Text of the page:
Frostbite develops once skin has been exposed to extreme temperatures for prolonged periods of time. As a result, the skin freezes along with the tissues below the skin surface. In extreme cases, the nerves, muscles and the blood vessels might also freeze as well.
The skin is likely to freeze within minutes upon exposure to temperatures that fall below freezing. Even if the temperatures are above freezing, the skin is likely to freeze if wet or exposed to strong wind chills.
Remember that frostbite can also occur if the skin is directly exposed to extremely cold surfaces. This exposure can freeze the skin that came in contact with the surface right away.
Who are at risk?
An individual is likely to end up with frostbite if exposed to cold weather under the following conditions:
- Not properly dressed for cold conditions
- Smoking since it constricts the blood vessels and slows down circulation
- Body is weakened due to hunger, fatigue, dehydration, alcohol consumption, injury or physical labor
- Certain medical conditions such as depression, diabetes, peripheral vascular disease or cardiovascular disease
- Using beta-blocker medications
Remember that the elderly and young children are more likely to develop frostbite.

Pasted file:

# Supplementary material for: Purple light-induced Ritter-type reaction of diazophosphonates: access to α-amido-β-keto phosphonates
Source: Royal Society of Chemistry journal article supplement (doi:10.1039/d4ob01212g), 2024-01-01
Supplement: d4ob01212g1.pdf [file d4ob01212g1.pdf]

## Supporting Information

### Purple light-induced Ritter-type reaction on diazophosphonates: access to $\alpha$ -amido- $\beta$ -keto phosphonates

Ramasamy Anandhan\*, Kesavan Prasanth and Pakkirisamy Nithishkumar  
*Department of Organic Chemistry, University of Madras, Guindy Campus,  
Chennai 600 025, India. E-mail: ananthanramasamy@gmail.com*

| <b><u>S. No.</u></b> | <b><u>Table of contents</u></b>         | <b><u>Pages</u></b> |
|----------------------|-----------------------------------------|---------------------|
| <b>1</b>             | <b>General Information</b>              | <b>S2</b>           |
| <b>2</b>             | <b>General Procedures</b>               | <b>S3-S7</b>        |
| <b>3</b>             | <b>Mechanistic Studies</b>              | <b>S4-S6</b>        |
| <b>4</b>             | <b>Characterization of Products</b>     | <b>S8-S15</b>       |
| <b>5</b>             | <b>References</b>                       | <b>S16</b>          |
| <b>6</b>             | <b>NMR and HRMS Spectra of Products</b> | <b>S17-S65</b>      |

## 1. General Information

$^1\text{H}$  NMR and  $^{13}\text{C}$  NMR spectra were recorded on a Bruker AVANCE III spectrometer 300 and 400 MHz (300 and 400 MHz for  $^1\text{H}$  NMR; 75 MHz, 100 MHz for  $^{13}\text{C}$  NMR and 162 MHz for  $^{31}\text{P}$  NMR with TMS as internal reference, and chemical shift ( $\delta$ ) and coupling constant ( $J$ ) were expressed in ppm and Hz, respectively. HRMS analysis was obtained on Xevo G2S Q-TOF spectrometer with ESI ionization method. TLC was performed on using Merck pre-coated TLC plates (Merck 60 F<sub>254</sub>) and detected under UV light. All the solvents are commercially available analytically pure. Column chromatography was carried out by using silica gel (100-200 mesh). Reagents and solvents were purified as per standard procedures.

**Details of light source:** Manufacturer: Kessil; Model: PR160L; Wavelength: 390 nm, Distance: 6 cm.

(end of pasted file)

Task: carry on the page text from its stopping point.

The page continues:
What are the indications of frostbite?
In most cases of frostbite, the following symptoms are likely to develop:
- Skin starts to feel prickly and/or numb
- Discoloration of the skin such as red, white, gray or yellowish
- Pain around the area exposed to extreme cold temperatures
Frostbite is considered severe if the following symptoms manifest such as the following:
- Skin turns black in appearance
- Development of blisters on the skin
- Muscles and joints become stiff or no longer functioning
Depending on the severity of frostbite, it is vital to seek medical care if an individual has frostbite along with fever, dizziness and redness, swelling or drainage in the affected area.
Once an individual is suspected with frostbite, you can provide the following first aid measures:
- Transfer the individual to a sheltered away from the cold.
- Instruct the individual to warm his/her hands by tucking them below the arms
- If possible, stay indoors and remove any damp clothing and jewelry
- Place the hands and feet in warm water and cover the rest of the body using a blanket.
- Avoid any sources of heat such as fire, lamps or heating pads since these can burn the affected skin.
- If the individual is dehydrated, provide him/her with warm beverages.
- Consult a doctor as soon as possible.